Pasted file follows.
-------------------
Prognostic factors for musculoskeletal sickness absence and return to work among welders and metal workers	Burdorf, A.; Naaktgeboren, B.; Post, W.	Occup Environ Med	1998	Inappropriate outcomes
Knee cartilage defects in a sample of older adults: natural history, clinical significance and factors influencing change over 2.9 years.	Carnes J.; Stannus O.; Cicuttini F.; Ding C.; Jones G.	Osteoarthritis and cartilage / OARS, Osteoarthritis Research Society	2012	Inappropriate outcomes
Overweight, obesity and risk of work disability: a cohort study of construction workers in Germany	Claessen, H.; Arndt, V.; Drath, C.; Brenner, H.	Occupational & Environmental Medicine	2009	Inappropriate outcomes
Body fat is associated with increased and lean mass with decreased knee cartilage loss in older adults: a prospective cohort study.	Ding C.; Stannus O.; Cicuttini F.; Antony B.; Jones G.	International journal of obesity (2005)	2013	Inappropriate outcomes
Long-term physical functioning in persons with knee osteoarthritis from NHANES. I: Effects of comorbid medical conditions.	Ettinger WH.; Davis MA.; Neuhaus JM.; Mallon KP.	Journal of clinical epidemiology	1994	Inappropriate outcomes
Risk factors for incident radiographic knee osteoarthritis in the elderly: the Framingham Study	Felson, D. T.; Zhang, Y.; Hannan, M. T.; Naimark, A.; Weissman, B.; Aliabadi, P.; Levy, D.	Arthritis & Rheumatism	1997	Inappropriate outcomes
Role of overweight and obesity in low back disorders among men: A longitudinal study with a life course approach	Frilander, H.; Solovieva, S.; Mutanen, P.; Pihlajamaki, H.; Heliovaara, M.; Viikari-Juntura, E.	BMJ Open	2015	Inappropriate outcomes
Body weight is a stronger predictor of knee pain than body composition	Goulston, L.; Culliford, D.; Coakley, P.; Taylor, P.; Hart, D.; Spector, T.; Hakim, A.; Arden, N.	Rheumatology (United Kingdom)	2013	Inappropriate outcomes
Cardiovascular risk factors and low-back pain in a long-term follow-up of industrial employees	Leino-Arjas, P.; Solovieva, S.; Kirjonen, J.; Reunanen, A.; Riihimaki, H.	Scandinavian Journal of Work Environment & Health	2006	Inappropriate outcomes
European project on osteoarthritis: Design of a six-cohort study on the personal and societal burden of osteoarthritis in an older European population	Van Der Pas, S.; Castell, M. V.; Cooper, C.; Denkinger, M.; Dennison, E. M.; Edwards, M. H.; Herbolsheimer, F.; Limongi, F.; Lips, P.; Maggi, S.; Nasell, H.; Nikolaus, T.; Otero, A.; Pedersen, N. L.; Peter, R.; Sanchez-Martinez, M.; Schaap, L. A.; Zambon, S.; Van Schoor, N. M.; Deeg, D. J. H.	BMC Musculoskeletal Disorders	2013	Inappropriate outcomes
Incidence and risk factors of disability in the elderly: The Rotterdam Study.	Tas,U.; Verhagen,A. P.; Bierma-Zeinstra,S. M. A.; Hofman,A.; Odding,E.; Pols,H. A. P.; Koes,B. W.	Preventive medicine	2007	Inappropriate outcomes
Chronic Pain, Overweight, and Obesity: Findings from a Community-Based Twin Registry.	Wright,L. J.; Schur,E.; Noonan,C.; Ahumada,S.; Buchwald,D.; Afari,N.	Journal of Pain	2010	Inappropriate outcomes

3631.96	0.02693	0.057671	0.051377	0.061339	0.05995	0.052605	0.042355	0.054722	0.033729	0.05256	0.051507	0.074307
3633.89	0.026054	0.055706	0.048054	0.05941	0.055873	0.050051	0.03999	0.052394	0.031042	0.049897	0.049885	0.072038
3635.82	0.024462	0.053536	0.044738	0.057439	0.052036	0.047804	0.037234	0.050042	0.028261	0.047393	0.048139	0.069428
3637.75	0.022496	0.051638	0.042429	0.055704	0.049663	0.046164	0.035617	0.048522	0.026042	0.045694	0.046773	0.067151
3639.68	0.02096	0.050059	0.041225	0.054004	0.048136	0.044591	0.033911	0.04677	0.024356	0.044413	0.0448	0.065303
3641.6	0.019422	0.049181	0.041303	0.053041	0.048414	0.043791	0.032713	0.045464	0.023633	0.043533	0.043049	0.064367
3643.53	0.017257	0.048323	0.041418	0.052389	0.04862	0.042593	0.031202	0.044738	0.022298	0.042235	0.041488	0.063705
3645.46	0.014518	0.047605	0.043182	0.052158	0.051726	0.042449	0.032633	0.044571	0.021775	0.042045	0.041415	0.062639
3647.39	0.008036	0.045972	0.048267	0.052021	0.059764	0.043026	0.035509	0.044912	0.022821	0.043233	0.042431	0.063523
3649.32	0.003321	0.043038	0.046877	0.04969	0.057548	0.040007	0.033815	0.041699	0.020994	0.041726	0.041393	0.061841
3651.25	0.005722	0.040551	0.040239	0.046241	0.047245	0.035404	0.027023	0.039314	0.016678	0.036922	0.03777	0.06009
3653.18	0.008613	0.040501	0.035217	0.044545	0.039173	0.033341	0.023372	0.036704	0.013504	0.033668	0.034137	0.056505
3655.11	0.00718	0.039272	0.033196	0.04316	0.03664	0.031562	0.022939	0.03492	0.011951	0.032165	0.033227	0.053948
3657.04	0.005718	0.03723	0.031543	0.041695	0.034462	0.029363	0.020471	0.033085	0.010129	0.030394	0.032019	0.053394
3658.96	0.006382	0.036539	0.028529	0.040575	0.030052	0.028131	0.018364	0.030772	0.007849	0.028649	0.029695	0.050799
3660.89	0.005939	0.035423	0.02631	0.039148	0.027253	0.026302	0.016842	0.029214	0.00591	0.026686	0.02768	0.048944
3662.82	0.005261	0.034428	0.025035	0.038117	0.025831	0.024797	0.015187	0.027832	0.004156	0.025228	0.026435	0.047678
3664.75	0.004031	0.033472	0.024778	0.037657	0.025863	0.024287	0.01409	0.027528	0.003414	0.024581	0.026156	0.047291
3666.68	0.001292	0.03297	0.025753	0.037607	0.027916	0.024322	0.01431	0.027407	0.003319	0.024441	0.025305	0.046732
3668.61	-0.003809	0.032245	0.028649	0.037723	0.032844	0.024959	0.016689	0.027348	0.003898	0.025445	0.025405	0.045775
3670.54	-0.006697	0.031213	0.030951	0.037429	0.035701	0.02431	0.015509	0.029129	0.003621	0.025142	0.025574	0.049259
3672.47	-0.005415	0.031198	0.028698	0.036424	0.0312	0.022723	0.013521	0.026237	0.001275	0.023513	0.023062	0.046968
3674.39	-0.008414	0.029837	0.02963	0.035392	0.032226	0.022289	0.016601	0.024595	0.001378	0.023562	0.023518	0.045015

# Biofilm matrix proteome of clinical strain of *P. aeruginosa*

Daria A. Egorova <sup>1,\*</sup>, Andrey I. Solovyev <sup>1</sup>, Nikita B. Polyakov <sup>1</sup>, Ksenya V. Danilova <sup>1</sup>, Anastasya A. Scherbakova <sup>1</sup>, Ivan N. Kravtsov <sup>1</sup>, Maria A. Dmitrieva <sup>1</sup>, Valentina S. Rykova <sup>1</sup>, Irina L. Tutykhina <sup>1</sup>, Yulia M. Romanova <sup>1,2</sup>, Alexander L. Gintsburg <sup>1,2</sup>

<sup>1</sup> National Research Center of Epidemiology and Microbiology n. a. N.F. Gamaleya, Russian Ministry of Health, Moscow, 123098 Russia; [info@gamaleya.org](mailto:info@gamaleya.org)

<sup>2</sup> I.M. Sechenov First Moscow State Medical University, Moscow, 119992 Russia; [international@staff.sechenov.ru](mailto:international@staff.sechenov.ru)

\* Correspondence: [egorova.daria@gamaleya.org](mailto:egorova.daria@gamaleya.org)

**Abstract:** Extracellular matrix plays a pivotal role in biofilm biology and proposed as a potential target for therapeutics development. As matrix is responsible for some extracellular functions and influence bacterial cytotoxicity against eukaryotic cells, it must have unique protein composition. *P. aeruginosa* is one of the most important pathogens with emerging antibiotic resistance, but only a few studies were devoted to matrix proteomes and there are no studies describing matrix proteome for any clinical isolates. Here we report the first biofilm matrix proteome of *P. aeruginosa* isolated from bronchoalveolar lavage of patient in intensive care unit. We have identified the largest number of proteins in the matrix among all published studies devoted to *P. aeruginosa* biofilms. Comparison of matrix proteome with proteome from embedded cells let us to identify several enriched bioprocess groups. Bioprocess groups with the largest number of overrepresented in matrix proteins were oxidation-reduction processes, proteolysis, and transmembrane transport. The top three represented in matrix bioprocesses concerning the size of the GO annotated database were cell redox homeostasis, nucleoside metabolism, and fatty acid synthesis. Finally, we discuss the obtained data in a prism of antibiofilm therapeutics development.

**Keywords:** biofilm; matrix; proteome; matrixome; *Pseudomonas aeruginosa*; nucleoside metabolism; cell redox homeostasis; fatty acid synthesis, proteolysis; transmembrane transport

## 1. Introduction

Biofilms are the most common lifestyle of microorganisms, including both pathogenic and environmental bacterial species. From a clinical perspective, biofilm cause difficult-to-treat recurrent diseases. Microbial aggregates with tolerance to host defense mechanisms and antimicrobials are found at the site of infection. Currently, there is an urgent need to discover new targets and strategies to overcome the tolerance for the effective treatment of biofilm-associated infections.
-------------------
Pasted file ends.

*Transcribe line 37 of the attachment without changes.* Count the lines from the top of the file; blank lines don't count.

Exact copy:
Daria A. Egorova <sup>1,\*</sup>, Andrey I. Solovyev <sup>1</sup>, Nikita B. Polyakov <sup>1</sup>, Ksenya V. Danilova <sup>1</sup>, Anastasya A. Scherbakova <sup>1</sup>, Ivan N. Kravtsov <sup>1</sup>, Maria A. Dmitrieva <sup>1</sup>, Valentina S. Rykova <sup>1</sup>, Irina L. Tutykhina <sup>1</sup>, Yulia M. Romanova <sup>1,2</sup>, Alexander L. Gintsburg <sup>1,2</sup>